At the same time, the employees can become brand ambassadors with a mission selected from the company’s portfolio. A good example here is the Dove brand with its Self-Confidence Project. As a part of it, employees talk to young people about the importance of healthy self-esteem and the negative effects of social networks.
The CEO and HR department are no longer the only stakeholders involved in the process of creating a corporate culture. Managers and executives who are in daily contact with employees play a crucial role. Gallup, which has been researching corporate culture for over 40 years, claims that up to 70% of the difference between poor, good and great culture lies in the knowledge, skills and talent of the leader.
So what can leaders do to build a better relationship with their employees? More and more often, we hear about the so-called empathic leadership, which is built on the ability to understand and perceive the needs, emotions and feelings of others. A modern employer should be aware that people are the most important asset of a company. Therefore, they should take into account that besides the professional side, the personal side also affects employees’ performance, commitment and overall motivation.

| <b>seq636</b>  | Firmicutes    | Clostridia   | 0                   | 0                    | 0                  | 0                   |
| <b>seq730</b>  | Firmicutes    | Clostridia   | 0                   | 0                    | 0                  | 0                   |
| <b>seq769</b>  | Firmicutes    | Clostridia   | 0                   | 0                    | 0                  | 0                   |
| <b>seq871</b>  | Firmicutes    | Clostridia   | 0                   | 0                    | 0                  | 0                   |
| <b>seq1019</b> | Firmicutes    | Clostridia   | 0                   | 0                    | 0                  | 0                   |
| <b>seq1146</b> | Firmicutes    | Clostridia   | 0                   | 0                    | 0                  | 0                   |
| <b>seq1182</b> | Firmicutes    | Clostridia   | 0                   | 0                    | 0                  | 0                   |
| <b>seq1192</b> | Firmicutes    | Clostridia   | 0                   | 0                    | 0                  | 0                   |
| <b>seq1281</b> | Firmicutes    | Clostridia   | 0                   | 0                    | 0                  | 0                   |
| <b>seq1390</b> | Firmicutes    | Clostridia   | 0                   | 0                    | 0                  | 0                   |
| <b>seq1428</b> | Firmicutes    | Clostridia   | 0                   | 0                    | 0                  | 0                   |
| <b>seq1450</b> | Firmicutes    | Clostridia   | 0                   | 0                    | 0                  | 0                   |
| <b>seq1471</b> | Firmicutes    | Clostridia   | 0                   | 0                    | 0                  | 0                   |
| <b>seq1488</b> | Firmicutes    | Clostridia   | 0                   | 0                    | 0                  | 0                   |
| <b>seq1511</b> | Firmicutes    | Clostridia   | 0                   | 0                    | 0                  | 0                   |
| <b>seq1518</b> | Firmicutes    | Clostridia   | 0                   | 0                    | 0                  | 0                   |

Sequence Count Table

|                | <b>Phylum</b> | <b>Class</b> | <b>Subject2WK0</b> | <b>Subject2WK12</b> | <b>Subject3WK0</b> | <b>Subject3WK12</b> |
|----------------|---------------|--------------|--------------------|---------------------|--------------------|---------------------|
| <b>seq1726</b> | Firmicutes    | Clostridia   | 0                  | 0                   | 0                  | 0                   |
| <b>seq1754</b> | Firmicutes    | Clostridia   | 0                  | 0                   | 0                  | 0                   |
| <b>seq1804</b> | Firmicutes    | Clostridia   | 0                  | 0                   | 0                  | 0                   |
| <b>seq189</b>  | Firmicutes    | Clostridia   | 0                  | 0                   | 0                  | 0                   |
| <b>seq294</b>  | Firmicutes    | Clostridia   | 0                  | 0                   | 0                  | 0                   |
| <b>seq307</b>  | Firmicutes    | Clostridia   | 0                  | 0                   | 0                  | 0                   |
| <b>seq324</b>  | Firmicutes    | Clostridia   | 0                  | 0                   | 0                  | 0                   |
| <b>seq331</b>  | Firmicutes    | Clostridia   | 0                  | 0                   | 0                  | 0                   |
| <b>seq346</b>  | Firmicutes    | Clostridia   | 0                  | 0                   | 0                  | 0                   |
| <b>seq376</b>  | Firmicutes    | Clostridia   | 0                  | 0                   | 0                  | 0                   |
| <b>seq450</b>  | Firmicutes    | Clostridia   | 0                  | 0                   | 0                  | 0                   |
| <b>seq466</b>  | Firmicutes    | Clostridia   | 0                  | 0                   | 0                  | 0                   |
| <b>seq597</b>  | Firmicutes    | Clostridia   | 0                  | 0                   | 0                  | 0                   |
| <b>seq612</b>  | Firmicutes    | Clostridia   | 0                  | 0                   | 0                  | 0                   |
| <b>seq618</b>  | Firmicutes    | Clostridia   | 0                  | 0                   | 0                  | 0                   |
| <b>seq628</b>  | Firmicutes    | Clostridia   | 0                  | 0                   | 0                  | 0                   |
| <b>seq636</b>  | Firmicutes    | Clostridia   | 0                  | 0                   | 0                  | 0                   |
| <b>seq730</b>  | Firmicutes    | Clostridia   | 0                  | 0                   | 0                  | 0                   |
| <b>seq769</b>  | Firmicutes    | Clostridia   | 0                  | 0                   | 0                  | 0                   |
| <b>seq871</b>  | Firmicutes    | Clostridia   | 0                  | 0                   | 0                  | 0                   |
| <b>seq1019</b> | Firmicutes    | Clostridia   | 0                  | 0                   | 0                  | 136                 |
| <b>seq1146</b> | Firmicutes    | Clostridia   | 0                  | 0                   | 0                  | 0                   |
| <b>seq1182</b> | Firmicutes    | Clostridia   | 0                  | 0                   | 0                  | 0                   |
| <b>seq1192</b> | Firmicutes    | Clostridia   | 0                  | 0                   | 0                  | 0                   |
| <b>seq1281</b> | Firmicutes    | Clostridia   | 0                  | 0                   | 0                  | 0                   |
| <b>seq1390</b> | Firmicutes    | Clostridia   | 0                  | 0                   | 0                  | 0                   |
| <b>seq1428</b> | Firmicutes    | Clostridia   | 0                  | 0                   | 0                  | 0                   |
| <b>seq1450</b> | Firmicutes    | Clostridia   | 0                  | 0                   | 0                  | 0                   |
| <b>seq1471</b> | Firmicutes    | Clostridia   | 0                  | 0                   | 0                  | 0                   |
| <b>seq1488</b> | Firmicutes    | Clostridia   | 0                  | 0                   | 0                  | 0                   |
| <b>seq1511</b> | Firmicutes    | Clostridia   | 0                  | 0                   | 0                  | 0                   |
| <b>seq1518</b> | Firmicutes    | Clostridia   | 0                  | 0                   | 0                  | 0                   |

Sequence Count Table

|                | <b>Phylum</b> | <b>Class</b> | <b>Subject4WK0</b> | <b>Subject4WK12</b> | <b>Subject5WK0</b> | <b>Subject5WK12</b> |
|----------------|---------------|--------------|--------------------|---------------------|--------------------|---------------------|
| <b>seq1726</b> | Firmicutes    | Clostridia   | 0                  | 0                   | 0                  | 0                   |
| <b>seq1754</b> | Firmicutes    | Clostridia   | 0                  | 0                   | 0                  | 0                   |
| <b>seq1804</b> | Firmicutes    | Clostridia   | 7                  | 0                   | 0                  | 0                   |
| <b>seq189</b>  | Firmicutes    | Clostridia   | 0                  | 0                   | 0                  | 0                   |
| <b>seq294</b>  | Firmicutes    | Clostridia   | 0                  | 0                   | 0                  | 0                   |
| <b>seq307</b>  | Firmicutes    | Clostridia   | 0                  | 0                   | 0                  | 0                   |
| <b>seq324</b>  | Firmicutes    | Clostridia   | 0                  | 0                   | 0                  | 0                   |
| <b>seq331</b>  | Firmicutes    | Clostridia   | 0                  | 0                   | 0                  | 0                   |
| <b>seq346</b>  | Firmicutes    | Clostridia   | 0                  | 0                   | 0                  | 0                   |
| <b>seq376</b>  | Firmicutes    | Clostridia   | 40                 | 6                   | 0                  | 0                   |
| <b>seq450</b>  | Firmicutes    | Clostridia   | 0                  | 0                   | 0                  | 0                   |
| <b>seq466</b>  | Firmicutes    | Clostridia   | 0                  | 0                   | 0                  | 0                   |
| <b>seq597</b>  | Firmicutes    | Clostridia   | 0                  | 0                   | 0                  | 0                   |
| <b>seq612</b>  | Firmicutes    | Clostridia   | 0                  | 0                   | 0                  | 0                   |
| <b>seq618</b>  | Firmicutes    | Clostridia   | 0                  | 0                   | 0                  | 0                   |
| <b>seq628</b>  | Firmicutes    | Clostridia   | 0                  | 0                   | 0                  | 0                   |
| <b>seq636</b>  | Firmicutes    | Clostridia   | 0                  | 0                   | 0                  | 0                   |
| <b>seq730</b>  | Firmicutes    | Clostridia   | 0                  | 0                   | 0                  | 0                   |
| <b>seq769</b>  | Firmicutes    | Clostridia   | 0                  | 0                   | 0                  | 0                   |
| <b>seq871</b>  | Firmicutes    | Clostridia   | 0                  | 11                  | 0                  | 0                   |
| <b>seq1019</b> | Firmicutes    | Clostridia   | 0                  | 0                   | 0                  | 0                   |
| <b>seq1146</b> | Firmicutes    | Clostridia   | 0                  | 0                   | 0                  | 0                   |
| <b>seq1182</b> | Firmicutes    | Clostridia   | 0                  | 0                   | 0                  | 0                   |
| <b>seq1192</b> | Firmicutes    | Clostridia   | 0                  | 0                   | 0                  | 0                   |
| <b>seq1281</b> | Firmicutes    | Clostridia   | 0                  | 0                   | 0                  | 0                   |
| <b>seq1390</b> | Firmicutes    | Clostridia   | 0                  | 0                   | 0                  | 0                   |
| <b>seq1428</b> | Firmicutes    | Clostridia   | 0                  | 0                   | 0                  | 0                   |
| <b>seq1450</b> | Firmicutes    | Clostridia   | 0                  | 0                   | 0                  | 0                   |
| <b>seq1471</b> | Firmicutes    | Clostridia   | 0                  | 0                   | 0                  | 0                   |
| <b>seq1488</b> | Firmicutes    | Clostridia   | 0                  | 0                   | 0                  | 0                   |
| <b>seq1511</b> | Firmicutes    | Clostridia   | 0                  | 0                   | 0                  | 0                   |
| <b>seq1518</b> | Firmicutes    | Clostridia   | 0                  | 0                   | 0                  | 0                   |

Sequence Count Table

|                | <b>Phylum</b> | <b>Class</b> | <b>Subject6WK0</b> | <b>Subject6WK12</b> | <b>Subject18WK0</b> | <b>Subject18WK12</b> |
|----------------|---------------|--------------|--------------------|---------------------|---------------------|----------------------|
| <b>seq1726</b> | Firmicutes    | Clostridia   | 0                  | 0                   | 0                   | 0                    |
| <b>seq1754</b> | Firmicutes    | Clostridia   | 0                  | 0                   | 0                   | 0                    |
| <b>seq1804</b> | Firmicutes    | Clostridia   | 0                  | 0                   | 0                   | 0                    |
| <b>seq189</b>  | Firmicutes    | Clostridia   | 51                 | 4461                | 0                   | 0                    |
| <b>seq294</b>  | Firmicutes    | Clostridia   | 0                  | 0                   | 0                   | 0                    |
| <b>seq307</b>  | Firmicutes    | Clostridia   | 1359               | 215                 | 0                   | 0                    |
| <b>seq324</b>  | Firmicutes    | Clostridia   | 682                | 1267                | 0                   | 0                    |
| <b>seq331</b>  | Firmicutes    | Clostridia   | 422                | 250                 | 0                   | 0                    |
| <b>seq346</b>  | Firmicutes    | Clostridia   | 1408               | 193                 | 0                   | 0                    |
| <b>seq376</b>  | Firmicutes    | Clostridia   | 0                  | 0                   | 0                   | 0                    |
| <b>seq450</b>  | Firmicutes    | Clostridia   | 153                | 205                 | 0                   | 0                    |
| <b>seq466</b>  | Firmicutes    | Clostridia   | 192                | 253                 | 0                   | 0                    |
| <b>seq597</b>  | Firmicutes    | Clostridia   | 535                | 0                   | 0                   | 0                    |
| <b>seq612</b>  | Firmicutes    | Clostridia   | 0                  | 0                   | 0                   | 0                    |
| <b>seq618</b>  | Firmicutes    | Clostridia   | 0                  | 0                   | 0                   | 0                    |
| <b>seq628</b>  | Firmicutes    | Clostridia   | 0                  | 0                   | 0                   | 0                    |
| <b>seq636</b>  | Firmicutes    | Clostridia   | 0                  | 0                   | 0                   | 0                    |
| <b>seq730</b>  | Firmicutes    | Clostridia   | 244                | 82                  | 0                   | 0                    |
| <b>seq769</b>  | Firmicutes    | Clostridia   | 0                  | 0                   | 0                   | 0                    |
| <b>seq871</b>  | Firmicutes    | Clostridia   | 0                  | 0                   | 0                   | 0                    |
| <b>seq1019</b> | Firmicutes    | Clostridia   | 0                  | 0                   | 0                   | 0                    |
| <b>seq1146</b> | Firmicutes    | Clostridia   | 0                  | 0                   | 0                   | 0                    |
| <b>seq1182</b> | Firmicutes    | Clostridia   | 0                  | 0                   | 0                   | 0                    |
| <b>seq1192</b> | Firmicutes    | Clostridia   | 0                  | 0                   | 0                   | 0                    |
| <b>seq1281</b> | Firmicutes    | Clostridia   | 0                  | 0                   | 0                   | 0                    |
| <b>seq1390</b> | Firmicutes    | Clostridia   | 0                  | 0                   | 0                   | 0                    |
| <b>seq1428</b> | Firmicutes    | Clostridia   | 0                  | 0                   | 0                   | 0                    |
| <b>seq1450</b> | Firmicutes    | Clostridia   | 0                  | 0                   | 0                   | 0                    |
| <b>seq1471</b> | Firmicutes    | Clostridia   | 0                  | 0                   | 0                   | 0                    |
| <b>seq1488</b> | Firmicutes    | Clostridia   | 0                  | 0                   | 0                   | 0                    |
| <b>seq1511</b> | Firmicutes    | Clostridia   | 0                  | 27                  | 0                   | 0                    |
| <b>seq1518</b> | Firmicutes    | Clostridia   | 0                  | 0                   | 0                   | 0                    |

Introduce inclusive benefits
Respecting the needs of diverse groups of employees is also an important part of a responsible culture. The introduction of the so-called inclusive benefits, which increase job satisfaction and thus impact productivity and work ethic and help reduce turnover, significantly helps improve working conditions. In setting such benefits, the employer should keep in mind respect for diversity while maintaining the principle of non-discrimination and inclusion.
Pay attention to openness and dialogue
A responsible corporate culture is defined by an open and transparent dialogue that naturally takes place between managers and employees. People have the opportunity to express their opinion and, at the same time, understand how the company works, what its goals are and how their work contributes to its operation. However, when building an open corporate culture, we must remember that this is a long-term process that requires time, effort and willingness to learn how to implement this approach together with employees.
Respond to the current situation
The pandemic tested the ability of companies to respond flexibly to events. Almost the entire world of work has moved into the online environment, and employees, as well as employers, have had to get used to the new way of working. It is in such crises that corporate culture and the willingness of companies to meet the needs of their employees play a key role.
Deloitte serves as an example of such an approach. During the pandemic, the company focused not only on providing employees with up-to-date information and promoting team cooperation but also on promoting belonging. For example, they organised webinars focused on well-being, as well as informal virtual events and online teambuilding.